Tuesday, July 05, 2005

No Admitted Hipsters Found at 'Total Hipster Party'

SAN FRANCISCO, CA -- Despite the fact that numerous guests commented that Miles Jensen's Fourth of July rooftop barbeque was 'a total hipster party', there were no admitted hipsters to be found anywhere.

"God, this is such a scene. I really just wanted to do something kinda intimate and chill," said Crystal Perriman, a young waitress with a mohawk, pierced nostril, sleeveless Budweiser shirt, fannypack and Blue Blocker sunglasses.

"Seems like you can't go anywhere anymore without a bunch of art kids showing up trying to look all cool," she added, taking a drag of her Parliament then washing it down with a Sparks.

The party, located on top of a converted live-work space in San Francisco's Mission District, attracted a crowd of approximately 50 guests during it's busiest hours. While most of the attendants identified themselves as artists, DJs, writers, musicians and performers, there were no reports of anyone introducing themself as "a hipster". A strange phenomenon, considering the amount of conversation dedicated to the observation that it was a "total hipster party".

"I mean, would you look at that guy? He looks like some kind of fucking cosmic disco cowboy," said Jeffery "Buck" Parker, an "activist" dressed in Diesel jeans, snakeskin cowboy boots, a "Tums" shirt and a red bandanna tied around his neck.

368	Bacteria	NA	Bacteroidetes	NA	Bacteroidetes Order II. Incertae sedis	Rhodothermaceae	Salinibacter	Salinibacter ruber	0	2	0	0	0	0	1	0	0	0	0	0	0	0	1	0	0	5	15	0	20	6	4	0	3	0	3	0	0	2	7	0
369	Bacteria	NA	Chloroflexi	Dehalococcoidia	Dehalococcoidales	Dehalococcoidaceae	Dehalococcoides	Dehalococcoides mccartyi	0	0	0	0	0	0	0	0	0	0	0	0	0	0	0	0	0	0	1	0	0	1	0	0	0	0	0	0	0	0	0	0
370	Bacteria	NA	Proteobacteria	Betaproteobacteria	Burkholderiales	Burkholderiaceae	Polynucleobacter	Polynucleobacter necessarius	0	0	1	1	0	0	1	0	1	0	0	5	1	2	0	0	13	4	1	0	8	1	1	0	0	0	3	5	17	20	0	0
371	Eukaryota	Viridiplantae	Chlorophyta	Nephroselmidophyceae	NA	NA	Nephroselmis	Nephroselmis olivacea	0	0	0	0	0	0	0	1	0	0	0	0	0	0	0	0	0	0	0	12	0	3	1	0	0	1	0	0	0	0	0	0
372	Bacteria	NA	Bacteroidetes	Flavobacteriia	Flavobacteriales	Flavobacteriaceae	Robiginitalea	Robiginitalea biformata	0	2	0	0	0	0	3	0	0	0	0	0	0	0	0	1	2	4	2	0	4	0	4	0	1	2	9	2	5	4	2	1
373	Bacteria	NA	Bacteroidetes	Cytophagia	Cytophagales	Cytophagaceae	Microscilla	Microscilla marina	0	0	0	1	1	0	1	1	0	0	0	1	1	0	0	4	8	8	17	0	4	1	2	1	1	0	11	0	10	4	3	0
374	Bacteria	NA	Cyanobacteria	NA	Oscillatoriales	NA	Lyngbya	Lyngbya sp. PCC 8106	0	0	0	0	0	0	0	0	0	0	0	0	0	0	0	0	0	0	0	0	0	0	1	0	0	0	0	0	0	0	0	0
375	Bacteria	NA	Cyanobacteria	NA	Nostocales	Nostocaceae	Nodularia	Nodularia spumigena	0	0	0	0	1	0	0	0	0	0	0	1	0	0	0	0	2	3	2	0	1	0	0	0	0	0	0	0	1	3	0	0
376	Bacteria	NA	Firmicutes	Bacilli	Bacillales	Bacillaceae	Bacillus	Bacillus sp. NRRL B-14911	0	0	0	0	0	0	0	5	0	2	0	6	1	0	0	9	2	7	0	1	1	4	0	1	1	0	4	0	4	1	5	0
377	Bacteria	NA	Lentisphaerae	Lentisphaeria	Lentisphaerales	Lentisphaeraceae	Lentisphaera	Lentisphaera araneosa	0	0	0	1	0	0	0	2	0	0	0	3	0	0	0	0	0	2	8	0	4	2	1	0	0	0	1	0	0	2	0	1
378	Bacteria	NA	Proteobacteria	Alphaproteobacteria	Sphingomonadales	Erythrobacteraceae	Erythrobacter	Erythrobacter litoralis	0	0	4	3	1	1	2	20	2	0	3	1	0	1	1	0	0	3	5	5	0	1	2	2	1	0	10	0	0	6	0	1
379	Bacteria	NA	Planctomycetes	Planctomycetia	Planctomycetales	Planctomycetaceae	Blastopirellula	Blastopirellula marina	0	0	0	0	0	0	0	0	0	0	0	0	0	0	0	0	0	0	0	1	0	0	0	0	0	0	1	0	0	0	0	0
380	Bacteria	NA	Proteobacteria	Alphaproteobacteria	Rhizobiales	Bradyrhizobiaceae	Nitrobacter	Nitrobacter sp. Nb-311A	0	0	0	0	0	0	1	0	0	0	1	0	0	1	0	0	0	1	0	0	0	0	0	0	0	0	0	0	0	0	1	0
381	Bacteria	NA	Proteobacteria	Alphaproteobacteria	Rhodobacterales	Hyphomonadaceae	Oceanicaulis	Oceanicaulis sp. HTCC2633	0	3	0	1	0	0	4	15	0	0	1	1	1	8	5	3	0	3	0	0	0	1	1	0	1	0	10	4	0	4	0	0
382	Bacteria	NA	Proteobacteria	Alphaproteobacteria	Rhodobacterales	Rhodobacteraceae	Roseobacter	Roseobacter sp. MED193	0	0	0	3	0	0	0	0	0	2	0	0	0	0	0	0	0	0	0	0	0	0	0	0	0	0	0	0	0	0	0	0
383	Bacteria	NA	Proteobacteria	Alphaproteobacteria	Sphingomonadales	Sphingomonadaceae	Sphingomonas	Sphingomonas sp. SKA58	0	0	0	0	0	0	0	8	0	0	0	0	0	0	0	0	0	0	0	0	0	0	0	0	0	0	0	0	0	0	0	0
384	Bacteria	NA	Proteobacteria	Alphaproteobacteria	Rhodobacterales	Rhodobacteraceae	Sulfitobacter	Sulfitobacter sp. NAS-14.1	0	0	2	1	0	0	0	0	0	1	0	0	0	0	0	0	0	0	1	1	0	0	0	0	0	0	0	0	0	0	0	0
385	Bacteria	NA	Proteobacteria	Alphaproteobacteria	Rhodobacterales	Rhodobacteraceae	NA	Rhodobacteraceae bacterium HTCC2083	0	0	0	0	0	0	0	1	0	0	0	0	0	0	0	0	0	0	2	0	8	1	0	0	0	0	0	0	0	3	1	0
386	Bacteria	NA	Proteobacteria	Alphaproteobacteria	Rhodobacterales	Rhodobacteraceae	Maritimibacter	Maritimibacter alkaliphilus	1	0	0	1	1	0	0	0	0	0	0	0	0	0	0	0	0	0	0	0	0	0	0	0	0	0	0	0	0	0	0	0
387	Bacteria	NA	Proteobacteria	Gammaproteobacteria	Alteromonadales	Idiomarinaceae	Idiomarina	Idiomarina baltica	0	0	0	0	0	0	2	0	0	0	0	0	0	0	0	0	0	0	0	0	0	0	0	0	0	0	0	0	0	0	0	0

When asked whether someone could possibly make a similar statement about himself, Parker responded, "What? Me? No, whatever."

Sources confirm that guests spent the majority of the party talking about themselves, putting veggie burgers on the grill and then abandoning them to go get high, binge drinking, and complaining about all the hipsters. At one point, a drunk guy who kept introducing himself as "Action Jackson", threw a few bottle rockets into the air while yelling, "America -- Fuck Yeah!" His attempt at referential post-ironic reverse-psychology patriot humor was only met with scowls and muttering criticism.

"Like, this would be a pretty rad party if it wasn't so scene-y", said a heavily-tattooed party promoter who refers to herself as Gloss, "the rooftop thing is cool or whatever, but I think I'm gonna bail and go to this other party I heard about at this art studio in Oakland. I think it'll probably be a little less pretentious. You know anyone here with coke?"

While no one was able to solve the mystery of how the gathering could be described as 'a hipster party' when there was not a single verbal confirmation of actual hipsterdom, people drank lots of beer and nodded at their fellow partygoers before finally leaving to get burritos and go back to their individual art collectives.

There were also no visual confirmations of hipsters, likely because most of the partygoers couldn't see very well through their bangs.

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